Newly proposed Canadian PFAS regulations would set a threshold level of 1 microgram per gram in products. This means that PFAS at or below this level will be incidental and the ban will not apply. However, our finding of PFAS in some products—including those banned from use—was up to a thousand times higher than incidental levels—suggesting a lack of oversight in the management of PFAS in the personal care products industry.

 

 


What can high PFAS levels bring about?

Epidemiological studies have shown that PFAS levels in the body are associated with frequent use of cosmetic and personal care products. A US study noted that women who typically wear foundation have higher levels of PFAS in their blood.

A study from South Korea linked cosmetic and personal care product use to higher PFAS levels in breast milk.

 

Another study illustrates this trend more directly.

PFOA is purposefully added to sunscreens to determine whether levels in a person’s blood increase after use.

Over three weeks, the use of sunscreen produced PFOA equivalent to about 10 percent of the total PFOA in his body. This suggests that daily use of PFAS-containing sunscreens in summer — and frequent use of other PFAS-containing cosmetic and personal care products — can lead to high blood levels.

 

Unlike other chemicals, certain PFAS such as PFOA are persistent. This means that even small amounts of PFAS that humans are exposed to can accumulate over time. The half-life of PFOA in the human body is about two years.

 

Even after this time point, half of the PFOS remains and it will take even more years to eliminate it. However, continued exposure from multiple sources, including the use of cosmetics and personal care products, ensures that PFOA, and similar PFAS, will never be eliminated.

 

 


Health effects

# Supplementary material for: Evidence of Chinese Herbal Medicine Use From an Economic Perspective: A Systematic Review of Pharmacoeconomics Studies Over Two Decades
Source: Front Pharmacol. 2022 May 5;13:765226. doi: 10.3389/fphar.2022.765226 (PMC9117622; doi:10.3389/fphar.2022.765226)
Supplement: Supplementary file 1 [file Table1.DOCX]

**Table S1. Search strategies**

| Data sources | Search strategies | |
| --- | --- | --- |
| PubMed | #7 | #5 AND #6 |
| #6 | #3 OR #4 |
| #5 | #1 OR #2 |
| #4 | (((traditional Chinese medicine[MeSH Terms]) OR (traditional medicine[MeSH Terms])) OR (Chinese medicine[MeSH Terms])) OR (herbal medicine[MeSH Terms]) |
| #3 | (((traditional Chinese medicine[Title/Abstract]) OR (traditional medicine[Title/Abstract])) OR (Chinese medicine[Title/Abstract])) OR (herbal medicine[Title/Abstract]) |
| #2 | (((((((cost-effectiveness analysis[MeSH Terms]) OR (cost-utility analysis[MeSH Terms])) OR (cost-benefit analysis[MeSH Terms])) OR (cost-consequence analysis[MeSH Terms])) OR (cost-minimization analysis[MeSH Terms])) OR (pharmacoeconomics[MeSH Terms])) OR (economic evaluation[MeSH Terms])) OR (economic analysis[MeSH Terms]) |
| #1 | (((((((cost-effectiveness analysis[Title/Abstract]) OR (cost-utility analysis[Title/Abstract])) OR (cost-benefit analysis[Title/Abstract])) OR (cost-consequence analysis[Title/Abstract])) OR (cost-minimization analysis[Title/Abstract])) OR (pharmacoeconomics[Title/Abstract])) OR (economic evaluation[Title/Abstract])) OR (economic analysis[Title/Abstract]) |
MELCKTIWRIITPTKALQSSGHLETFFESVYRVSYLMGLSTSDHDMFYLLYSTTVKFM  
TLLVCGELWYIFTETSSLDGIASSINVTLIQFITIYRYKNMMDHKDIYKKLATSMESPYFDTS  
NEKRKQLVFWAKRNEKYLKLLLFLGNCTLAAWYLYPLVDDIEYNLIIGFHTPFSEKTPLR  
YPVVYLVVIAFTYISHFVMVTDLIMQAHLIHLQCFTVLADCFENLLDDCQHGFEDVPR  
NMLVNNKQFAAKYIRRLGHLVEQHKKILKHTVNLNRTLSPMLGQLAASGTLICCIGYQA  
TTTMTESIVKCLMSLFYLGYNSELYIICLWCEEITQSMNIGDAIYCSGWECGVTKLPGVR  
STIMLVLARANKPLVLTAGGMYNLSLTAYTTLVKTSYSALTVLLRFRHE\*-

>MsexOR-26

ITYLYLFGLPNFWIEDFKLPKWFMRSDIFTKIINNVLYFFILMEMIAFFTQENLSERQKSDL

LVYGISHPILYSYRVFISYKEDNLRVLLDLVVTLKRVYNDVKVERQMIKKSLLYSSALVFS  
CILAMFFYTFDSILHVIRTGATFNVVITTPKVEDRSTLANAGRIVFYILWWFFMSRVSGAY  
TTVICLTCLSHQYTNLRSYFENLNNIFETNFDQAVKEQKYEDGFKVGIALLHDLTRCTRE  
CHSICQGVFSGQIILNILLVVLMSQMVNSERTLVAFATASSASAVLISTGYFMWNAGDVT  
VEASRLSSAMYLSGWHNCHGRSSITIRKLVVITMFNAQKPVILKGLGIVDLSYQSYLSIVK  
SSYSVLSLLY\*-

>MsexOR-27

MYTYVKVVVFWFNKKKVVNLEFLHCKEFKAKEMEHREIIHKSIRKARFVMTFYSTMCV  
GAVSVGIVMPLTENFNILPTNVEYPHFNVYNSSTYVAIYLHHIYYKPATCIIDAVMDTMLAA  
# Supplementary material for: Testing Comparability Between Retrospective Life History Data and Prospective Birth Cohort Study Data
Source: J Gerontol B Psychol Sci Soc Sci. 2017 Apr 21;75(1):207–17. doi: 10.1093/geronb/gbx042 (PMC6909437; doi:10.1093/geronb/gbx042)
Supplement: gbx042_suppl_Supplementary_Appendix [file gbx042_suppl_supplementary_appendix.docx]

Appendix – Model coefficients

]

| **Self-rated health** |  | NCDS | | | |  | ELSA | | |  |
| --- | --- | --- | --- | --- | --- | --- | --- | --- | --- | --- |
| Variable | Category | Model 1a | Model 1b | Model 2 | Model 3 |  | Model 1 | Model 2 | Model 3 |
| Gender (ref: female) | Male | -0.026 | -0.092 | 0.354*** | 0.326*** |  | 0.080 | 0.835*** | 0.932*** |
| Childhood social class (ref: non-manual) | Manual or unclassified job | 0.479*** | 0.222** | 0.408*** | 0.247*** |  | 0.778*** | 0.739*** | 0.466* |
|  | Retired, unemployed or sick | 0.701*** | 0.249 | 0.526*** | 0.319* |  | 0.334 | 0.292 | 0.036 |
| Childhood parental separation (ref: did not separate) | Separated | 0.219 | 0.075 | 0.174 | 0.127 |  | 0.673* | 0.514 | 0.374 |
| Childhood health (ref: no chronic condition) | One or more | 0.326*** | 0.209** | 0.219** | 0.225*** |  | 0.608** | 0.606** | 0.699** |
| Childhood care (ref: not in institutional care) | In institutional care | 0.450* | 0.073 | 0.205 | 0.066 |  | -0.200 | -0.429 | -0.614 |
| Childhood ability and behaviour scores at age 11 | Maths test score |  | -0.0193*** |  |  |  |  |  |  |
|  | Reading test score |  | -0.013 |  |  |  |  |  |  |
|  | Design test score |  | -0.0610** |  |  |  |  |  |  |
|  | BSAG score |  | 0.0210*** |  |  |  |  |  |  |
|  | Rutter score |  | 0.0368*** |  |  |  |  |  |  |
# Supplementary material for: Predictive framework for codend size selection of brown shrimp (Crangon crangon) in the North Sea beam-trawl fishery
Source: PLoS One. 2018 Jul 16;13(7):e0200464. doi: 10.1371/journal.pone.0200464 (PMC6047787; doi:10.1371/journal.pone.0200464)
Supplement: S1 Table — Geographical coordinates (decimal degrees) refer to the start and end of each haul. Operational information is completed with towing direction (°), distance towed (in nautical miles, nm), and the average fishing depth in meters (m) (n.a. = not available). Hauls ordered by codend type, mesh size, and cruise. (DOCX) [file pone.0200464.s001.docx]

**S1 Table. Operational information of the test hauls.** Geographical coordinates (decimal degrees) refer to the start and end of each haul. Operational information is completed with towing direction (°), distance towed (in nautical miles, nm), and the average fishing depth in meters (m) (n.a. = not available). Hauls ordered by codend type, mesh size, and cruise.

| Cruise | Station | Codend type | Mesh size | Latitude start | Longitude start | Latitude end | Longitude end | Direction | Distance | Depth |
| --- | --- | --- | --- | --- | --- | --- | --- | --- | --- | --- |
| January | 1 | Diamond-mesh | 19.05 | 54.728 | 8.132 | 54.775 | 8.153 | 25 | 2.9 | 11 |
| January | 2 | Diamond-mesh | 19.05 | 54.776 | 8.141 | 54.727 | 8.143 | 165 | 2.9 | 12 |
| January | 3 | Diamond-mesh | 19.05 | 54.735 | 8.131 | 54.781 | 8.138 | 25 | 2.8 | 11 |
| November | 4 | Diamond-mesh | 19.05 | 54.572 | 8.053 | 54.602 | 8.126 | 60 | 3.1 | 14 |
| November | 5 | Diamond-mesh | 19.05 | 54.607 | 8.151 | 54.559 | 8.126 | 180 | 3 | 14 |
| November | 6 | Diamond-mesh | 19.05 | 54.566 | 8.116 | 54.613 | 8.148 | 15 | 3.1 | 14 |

In Canada, PFAS with adverse health effects frequently measured in the environment are banned. This includes PFOA and PFOS, long-chain PFCA, and any compound that can degrade to produce them. This is a broader regulatory approach than in other regions, including the US, which restricts individual PFAS.

 

But other regions are taking a broader approach. The EU’s proposed ban would eliminate thousands of PFAS. The state of California is planning to effectively eliminate any PFAS ingredients used in cosmetics and clothing by 2025.

 

Canada should consider a similar approach as a solution to protect people from exposure to these chemicals when using cosmetic and personal care products, and to eliminate their transfer to the environment after use.

 

Some cosmetics retailers, such as Sephora, will note when PFAS chemicals are present in products.

 

 


Regulatory and Information

One solution: simply ban PFAS in cosmetics and personal care products. Some makeup retailers like Sephora don’t include PFAS in their “clean” makeup lists so consumers can avoid them. But cosmetics and personal care products containing PFAS are still readily available in Canada.

 

PFAS are not on the Canadian Cosmetic Ingredient Hot List, which contains ingredients that are prohibited from being used in cosmetic and personal care products sold in Canada. Environmental groups, regulators, and industry should work together to stop the use of PFAS in cosmetic and personal care products and use other ingredients that serve the same purpose.

 

At the very least, people should be aware of PFAS in these products through clear labeling so they can make an informed decision. Since completing this research, I have screened my products for ingredients only to find that several products contain PFAS. I switched to other products.

 

 

 

 

 

 

 

 

Understanding Long-Lasting PFAS Chemicals in Cosmetics and Personal Care Products

(source:internet, reference only)